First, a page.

Getting a New Car for Business? Buy or Lease? Part 1: Leased Vehicles

Many business owners rely on transportation to achieve the goals and purposes of their business. A car purchased for use in a business has certain tax advantages for the owner. However, many business owners are now leasing cars for business use. More Americans lease autos than ever before because of attractive monthly costs and the ability to change cars frequently to keep up with new technology and safety features. But what’s better for your business, an owned or leased car?

While every business is different as to its transportation needs, there are some basic common considerations. It’s important to determine how long you expect to keep the vehicle. A lease may be a better deal if the car will accumulate a significant amount of mileage, as it will facilitate a quicker turnover of the car. What is the expected total cost of the car over the time period you possess it?

Lease terms to know:

  • The Manufacturer’s Suggested Retail Price (MSRP)
  • The final negotiated price of the vehicle
  •  The down payment
  • The applicable usage or sales tax rate
  • The length of the lease
  • The new car lending rateThe car value at the end of the term, which is known as the vehicle’s “residual value”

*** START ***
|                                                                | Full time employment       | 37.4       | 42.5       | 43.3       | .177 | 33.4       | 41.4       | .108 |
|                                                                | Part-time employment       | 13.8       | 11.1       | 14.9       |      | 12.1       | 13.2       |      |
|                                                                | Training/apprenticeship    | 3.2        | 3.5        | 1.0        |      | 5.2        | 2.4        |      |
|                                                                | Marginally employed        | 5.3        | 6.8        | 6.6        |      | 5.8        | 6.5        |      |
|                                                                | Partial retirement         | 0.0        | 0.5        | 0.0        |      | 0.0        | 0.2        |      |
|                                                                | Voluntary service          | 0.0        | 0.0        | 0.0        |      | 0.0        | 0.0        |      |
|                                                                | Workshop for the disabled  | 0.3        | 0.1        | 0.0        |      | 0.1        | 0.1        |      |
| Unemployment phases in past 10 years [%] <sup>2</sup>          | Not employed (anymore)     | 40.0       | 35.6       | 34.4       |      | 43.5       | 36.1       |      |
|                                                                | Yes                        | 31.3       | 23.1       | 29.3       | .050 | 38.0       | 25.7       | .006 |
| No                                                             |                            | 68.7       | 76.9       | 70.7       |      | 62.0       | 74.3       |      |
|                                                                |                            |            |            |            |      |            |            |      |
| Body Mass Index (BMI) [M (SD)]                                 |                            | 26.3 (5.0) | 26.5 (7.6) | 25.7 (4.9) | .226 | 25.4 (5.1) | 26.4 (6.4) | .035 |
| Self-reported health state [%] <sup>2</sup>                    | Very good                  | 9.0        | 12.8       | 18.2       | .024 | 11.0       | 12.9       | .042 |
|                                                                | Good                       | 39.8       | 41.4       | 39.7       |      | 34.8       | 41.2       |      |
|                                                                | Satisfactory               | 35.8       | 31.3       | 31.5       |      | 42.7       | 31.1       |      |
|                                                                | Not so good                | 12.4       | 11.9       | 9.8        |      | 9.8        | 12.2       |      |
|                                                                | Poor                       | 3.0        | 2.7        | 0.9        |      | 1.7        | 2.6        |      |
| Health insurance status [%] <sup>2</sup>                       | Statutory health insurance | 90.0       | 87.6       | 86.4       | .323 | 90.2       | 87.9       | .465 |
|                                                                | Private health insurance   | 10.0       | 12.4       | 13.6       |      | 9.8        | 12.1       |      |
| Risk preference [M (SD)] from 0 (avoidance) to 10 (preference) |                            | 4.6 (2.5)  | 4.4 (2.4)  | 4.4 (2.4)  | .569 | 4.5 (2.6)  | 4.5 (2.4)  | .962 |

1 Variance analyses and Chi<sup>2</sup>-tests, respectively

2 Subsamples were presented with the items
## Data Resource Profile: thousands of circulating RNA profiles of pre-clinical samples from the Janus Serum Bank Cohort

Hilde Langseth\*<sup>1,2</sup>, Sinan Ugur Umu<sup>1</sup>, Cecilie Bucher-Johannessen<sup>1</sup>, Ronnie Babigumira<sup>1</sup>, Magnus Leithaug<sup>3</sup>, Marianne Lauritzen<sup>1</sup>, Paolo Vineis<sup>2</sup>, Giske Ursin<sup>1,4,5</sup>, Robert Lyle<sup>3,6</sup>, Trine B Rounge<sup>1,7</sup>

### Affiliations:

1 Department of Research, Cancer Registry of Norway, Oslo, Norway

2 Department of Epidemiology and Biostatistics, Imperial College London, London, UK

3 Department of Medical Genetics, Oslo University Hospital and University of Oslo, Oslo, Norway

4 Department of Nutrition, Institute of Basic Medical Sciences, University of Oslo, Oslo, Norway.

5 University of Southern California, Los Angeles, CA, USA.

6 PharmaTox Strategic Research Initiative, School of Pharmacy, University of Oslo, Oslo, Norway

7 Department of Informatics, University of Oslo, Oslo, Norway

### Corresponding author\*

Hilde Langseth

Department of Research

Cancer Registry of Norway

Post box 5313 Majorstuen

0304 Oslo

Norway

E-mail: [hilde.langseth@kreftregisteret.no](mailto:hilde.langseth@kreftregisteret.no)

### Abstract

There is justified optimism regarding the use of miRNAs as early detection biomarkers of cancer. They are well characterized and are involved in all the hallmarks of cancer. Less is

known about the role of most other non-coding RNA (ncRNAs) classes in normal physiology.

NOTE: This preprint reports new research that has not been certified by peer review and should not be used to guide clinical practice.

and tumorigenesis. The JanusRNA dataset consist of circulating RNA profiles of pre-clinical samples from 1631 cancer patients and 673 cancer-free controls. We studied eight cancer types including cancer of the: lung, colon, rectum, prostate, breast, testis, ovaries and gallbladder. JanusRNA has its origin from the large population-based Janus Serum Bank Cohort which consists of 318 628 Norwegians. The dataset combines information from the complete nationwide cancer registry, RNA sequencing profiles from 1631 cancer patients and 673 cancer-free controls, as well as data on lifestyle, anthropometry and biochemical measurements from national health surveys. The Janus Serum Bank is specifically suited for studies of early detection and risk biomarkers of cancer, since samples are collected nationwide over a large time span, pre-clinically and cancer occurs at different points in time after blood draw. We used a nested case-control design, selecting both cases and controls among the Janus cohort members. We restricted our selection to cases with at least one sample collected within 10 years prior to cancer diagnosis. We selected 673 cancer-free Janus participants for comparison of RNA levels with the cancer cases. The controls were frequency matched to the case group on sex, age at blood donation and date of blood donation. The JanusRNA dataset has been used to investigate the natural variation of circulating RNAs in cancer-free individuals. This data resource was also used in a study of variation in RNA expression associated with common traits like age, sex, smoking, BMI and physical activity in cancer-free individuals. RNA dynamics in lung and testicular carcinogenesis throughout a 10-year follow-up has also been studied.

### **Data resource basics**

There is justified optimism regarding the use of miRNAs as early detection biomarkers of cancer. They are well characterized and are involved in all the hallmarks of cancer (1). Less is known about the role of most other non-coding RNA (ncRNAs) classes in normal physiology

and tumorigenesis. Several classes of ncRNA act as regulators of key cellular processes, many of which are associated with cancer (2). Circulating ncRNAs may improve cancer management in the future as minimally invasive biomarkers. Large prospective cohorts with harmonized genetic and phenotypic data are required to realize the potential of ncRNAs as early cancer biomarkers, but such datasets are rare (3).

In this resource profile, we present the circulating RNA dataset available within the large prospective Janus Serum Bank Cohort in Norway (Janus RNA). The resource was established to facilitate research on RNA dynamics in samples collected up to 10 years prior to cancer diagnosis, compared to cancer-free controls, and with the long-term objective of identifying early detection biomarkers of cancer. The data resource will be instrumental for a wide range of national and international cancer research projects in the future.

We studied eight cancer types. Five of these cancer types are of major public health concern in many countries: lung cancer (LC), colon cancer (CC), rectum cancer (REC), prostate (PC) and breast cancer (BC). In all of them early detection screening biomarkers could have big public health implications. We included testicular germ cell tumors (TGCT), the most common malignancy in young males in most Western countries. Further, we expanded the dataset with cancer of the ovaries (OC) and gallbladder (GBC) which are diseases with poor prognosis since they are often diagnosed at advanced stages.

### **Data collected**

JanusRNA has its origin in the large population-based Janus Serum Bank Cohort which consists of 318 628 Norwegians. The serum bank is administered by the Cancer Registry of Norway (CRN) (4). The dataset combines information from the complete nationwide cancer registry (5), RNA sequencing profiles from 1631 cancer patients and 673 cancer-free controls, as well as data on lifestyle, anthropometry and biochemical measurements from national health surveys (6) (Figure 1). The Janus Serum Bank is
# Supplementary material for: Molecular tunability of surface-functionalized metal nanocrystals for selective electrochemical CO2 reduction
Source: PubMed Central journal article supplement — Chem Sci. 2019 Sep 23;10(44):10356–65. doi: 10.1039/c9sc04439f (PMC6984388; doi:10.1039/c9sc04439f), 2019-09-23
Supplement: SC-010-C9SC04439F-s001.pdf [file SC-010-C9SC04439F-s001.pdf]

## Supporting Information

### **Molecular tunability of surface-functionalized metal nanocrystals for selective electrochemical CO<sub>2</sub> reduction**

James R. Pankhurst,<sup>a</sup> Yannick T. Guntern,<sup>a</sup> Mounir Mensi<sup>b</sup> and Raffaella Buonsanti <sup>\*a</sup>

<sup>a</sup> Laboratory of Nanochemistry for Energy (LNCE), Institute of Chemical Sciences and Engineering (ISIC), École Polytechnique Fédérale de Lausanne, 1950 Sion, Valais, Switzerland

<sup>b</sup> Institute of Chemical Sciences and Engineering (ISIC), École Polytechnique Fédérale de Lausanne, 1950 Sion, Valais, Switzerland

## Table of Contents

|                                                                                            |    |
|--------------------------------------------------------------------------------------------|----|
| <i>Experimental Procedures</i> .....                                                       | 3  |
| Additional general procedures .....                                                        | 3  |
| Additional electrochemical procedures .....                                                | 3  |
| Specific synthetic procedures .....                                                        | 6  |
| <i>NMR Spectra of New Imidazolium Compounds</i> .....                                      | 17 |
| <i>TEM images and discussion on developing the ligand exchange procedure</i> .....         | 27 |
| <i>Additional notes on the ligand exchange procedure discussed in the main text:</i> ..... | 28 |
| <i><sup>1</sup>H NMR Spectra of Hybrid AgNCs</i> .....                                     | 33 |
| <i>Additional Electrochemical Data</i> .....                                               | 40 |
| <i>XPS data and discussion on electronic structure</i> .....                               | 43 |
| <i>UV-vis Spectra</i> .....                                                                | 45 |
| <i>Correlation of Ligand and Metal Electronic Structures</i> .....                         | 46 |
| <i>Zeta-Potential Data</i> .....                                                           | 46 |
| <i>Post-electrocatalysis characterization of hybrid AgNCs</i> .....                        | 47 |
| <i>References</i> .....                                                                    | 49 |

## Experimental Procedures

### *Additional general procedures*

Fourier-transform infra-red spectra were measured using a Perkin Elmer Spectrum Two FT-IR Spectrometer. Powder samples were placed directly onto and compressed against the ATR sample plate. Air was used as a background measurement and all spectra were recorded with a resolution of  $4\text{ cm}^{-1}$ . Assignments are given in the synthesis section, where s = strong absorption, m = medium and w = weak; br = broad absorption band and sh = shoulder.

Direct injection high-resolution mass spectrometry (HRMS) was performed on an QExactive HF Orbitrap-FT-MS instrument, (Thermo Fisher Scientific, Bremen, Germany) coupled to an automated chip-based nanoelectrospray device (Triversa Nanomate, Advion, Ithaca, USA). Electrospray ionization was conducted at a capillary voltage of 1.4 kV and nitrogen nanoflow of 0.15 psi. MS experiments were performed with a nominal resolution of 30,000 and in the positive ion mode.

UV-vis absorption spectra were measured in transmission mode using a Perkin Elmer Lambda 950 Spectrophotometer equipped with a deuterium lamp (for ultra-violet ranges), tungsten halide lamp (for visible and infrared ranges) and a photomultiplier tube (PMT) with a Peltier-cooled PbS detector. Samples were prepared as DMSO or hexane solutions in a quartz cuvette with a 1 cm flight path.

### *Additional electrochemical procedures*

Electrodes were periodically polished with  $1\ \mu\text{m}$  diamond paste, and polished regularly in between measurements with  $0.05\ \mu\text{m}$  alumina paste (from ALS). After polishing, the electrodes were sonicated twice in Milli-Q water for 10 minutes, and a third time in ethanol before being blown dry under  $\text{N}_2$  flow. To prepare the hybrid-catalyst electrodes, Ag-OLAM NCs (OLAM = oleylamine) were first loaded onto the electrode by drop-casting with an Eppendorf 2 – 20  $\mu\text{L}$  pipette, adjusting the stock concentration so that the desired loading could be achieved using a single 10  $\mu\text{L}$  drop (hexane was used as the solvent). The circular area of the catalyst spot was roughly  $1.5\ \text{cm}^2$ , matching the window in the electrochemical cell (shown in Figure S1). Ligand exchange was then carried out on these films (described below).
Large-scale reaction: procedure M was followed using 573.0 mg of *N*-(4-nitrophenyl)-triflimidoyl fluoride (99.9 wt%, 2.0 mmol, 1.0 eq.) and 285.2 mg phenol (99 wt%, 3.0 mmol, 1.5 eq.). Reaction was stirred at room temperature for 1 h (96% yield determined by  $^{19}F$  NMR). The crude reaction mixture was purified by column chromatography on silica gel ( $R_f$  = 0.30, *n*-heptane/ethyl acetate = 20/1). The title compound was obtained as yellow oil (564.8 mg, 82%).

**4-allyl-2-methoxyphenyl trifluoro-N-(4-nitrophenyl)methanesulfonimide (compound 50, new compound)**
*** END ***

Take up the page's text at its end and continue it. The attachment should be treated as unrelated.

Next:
When negotiating a lease, it is likely that the dealer will offer either an open lease or a closed lease. An open lease contract is used primarily for commercial vehicles and allows the lessee to pay the difference between the estimated resale value and the actual resale value at the end of the lease. With a closed lease, at its termination, the lessee pays only for extra mileage and extraordinary damages.

The residual value of a lease is the value of the car at the end of the lease period. This value is a function of the amount and rate of depreciation on the car as a business asset. The more the vehicle depreciates, the less its residual value will be at the termination of the lease.

Since leases also have annual mileage limits, it may be economically efficient to pay an additional amount for the extra needed mileage. Otherwise, the additional mileage must be paid for at the end of the lease.

Business enterprises don’t always earn a profit for a particular year, especially new businesses. Entrepreneurs in this situation may be able to obtain some tax relief. The tax professionals at the Thorgood Law Firm can help ensure that all business owners take advantage of all of the tax deductions, exclusions, and credits that may apply to them. If you are the owner of an enterprise doing business in the New York or Tri-State area and have any questions about available tax breaks to reduce your tax bill, call THE TAX EXPERTS at the Thorgood Law Firm www.thorgoodlaw.com. For a FREE consultation, call 212-490-0704.Getting a New Car for Business? Buy or Lease? Part 1: Leased Vehicles

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